Artillery in Canadian service: 3-inch Land Mattress Multiple Rocket Launcher (MRL)

Land Mattress MRL

(Library and Archives Canada Photo, MIKAN No. 3524801)

Land Service Mattress, a rocket-type projectile and projector combination examined by Captain E.V. Burnett and Lieutenant L.W. Lewis, 112 Light AA Battery of 6th RCA in the Netherlands, 1 Nov 1944.

The first prototype of what would evolve into the Projector, Rocket, Three Inch, Number 8, Mark I, better known as the Land Mattress was originally the brainchild of a British officer, LCol Micheal Wardell.  The Land Mattress multi-barreled rocket launcher was part of Canada's weaponry during the Second World War under the direction of Canadian artillery officer LCol Eric Harris. Harris had been interested in rocket projectors for some time and in fact had attended a demonstration in 1943 which led to Canadian officers officially being assigned to the British Rocket Research Establishment.  Harris invited Wardell, with the blessing of the War Office, to develop a Canadian prototype.

It was based on the 3-inch-diameter (76 mm) tube of the RP-3 or "60lb" rocket used as an air-to-ground weapon with naval 5-inch shells as warheads, and consisted of a 16- or 30-tube launching system mounted on a towed carriage.  The land version had an operational range of 8,000 yards (7.3 km).  Rounds were fired at a rate of 4 per second.  At the crossing of the Scheldt, over a thousand rockets were fired in six hours.  Knight, Doug.  The Land Mattress in Canadian Service (Service Pulbications, Ottawa, Ontario, 2003)

* If you would like more detail on the 3-inch Land Mattress MRL, have a look at Doug Knight's page: https://archive.org/details/1-cdn-rocket-battery-1944-1945.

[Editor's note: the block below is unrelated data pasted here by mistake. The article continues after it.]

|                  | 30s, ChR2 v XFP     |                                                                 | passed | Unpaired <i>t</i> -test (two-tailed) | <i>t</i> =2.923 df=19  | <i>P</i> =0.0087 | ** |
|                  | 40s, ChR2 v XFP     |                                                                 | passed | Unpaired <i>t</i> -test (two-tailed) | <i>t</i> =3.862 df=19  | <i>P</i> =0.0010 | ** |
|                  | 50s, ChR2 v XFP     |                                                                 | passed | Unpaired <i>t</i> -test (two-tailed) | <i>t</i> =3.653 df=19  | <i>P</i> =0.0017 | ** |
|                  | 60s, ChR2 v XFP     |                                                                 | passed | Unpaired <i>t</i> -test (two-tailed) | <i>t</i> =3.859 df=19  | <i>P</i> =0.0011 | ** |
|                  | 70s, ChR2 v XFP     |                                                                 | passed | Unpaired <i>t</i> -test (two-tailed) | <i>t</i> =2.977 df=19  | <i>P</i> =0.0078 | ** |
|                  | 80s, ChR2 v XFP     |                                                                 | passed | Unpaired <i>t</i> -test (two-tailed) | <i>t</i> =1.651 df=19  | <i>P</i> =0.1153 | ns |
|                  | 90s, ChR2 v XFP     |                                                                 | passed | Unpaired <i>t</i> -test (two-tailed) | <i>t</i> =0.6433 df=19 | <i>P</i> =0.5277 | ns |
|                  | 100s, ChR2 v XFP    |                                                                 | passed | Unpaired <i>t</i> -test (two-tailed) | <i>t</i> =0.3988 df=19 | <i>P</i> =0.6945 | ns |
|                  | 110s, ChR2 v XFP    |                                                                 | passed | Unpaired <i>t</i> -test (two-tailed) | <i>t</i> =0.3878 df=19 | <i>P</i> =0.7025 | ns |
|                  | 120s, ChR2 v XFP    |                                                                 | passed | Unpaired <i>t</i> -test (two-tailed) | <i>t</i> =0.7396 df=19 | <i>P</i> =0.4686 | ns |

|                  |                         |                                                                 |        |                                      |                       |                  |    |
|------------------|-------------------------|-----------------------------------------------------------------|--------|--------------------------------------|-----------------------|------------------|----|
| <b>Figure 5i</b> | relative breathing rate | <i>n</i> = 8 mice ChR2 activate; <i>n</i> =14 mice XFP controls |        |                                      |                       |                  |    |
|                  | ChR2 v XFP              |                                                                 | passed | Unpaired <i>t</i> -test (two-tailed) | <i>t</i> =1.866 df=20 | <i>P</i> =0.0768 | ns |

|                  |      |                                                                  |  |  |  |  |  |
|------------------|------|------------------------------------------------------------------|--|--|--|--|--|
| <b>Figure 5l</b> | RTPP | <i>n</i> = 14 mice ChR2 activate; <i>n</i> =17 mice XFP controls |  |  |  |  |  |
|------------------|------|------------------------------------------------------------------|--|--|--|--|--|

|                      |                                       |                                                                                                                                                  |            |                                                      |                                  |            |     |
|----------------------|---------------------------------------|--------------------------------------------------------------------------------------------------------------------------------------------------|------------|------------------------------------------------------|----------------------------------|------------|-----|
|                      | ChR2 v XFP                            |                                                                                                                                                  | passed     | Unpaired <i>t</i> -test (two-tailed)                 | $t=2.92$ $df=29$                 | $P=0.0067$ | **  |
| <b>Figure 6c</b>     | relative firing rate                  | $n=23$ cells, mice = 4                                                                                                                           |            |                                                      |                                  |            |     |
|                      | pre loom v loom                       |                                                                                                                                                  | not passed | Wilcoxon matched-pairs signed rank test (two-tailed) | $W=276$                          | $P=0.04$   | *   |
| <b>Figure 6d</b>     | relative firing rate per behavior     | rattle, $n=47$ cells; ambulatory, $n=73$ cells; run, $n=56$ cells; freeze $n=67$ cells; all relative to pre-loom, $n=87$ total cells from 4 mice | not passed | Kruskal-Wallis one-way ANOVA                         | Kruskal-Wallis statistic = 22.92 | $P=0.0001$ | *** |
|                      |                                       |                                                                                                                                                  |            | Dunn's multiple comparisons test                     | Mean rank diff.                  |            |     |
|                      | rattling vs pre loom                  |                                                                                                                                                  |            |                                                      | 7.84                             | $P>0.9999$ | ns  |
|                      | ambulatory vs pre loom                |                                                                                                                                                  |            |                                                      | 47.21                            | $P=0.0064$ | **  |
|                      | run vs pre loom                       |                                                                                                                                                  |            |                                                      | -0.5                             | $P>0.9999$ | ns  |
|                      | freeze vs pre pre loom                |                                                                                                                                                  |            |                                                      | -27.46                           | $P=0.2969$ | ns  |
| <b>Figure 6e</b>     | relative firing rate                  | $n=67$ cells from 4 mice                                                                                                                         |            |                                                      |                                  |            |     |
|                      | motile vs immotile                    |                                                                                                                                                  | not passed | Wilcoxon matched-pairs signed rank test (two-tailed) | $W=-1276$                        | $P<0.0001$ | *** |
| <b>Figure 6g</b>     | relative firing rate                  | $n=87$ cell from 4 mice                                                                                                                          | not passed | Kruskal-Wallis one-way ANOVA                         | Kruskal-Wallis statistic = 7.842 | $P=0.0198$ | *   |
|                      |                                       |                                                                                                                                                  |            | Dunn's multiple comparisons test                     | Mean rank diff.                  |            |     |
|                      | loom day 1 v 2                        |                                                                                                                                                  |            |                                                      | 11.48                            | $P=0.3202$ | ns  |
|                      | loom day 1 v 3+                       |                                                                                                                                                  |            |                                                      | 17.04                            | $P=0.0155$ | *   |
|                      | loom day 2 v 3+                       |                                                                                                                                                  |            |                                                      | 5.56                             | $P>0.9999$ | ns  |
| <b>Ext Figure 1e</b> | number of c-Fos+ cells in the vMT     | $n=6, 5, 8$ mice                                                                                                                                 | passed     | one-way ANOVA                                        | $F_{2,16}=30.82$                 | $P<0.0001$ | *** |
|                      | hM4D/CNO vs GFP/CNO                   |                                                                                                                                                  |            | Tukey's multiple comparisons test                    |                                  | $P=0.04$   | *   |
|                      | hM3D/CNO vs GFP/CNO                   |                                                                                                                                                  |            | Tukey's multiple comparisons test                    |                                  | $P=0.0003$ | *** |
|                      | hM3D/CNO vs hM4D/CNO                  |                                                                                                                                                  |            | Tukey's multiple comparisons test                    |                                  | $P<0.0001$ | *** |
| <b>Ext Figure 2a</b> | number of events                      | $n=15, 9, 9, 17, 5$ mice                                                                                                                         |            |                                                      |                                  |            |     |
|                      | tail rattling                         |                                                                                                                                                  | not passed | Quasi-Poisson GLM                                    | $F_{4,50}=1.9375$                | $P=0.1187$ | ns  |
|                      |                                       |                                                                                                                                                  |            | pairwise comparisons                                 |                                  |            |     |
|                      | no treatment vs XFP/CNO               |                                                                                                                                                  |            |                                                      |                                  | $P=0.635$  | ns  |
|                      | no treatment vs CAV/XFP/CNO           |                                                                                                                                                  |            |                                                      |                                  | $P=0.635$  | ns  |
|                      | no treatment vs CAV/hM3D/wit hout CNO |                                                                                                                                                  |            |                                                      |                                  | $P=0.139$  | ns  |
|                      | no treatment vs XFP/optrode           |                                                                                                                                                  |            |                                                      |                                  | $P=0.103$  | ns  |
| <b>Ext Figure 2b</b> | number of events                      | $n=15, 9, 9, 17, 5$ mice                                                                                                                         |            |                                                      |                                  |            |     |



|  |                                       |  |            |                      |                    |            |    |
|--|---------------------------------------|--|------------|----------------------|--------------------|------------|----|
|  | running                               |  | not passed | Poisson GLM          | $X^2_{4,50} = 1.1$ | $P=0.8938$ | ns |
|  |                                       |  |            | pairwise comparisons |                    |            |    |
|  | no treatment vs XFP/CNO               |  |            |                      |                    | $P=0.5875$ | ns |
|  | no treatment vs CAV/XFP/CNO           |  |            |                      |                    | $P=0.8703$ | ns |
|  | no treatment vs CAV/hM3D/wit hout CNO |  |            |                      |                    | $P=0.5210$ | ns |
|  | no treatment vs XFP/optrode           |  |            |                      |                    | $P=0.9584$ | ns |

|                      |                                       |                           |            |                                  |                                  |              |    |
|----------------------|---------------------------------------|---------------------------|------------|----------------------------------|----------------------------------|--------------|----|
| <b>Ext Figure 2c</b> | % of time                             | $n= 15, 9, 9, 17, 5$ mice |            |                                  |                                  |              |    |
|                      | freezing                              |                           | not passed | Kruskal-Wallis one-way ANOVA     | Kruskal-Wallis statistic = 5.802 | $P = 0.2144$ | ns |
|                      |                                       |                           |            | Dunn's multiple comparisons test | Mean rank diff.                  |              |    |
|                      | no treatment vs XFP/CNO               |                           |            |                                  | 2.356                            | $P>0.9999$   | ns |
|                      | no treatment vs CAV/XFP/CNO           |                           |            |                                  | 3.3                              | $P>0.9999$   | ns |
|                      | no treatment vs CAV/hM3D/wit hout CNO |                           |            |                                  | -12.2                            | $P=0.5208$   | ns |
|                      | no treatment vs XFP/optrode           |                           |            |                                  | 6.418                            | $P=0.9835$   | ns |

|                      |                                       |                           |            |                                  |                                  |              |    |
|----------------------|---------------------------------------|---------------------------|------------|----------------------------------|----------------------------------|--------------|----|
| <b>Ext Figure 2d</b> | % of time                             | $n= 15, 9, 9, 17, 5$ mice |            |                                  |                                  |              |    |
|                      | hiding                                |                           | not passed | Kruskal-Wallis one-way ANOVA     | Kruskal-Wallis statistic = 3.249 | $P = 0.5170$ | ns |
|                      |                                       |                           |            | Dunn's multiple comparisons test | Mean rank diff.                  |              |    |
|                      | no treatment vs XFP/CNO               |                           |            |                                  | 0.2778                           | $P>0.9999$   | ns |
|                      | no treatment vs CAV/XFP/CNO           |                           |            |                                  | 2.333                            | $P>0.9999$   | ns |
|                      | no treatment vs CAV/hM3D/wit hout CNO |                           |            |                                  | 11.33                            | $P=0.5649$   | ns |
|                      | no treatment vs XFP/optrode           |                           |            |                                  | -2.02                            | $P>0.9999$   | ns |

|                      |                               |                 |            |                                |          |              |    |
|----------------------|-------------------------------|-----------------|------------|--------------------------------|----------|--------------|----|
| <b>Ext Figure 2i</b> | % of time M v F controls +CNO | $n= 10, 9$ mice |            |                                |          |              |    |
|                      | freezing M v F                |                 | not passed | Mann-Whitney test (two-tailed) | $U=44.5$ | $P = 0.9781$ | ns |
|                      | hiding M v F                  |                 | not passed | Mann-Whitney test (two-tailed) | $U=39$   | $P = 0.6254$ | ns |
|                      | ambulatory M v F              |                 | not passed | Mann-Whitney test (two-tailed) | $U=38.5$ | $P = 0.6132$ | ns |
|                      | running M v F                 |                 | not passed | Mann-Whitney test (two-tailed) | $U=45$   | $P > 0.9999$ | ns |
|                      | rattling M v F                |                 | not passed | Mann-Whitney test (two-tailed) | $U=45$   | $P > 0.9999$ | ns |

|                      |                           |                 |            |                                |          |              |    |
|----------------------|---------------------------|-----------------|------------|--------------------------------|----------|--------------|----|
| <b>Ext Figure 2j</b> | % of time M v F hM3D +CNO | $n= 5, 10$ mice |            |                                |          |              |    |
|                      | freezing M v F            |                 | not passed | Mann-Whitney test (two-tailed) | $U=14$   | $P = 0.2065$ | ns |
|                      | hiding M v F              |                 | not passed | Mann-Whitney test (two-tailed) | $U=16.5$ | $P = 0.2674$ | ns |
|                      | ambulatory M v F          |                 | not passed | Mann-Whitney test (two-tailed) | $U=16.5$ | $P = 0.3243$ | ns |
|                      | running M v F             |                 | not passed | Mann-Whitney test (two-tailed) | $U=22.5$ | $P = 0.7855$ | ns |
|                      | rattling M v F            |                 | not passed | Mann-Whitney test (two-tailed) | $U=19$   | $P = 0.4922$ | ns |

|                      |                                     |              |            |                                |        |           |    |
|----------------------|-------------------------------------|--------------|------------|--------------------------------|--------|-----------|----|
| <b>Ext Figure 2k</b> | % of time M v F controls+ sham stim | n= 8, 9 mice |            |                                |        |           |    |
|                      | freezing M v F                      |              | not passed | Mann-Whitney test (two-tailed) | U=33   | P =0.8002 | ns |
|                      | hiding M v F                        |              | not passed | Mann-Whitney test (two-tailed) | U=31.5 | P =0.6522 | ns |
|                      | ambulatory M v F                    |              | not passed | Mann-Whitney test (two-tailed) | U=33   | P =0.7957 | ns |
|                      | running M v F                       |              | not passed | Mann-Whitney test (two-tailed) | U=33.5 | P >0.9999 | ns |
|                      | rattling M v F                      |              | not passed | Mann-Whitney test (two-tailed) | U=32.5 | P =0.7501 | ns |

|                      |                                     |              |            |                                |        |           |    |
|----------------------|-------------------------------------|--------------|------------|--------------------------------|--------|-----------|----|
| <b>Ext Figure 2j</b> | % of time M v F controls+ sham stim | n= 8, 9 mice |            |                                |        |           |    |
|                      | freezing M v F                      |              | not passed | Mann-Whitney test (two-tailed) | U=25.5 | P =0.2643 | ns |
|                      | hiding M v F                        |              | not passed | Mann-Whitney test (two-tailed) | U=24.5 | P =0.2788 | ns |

(Library and Archives Canada Photo, MIKAN No. 3204964)

Land Mattress MRL being loaded by Gunners of the 1st Rocket Battery, RCA, Helchteren, Belgium, 29 Oct 1944.

The first successful combat trial involving the Land Mattress took place in the Netherlands on 31 Oct 1944.  The second trial, also in the Netherlands, took place in November, when the Canadian rocket battery supported the 1st Polish Armored Division in an attack against German positions in Breda.  With both trials declared successful, the Land Mattress was shifted to fully operational status and entered full production, with two further rocket batteries ordered.  Land Mattresses proceeded to aid Allied troops in such battles as during the crossing of the river Scheldt in which 1,146 rockets were fired in only six hours.  In all, some 400 Land Mattresses were produced during the Second World War.

(Library and Archives Canada Photo, MIKAN No. 3601142)

Land Mattress MRL, 1st Rocket Battery, RCA, Helchtgeren, Belgium, 29 Oct 1944.

(Library and Archives Canada Photo, MIKAN No. 3601147)

Sergeant V.D. Miller of the 1st Rocket Battery, RCA, holds three different sizes of spoilers used to regulate the speed of rockets fired from the Landmattress rocket launcher during firing trials near Helchteren, Belgium, 29 October 1944.

(Mzajac Photo)

Land Mattress MRL in the Canadian War Museum and a German 21-cm Nebelwerfer 42 MRL.

The German Nebelwerfer 41 (fog-launcher in English) fired six 150mm rockets, which each carried an explosive charge comparable to the projectiles of the 105mm howitzers of the time.  The six rockets were fired in quick succession by the 4 man crew, which had to take cover from the rocket back blast in a small trench further away.  Although a very potent weapon, the Nebelwerfer had a big drawback - the rockets it fired left a large smoke trail in the air, which could be visible from miles away. This meant that the Nebelwerfer batteries could only stay in the same place for a short time after firing, before the enemy artillery would have zeroed in on their position.  When the rockets were fired they made a howling pipe-organ sound, which led the allied soldiers to nickname them 'screaming meemees'.

(IWM Photo)

Land Mattress MRL being loaded, ca 1944-45.


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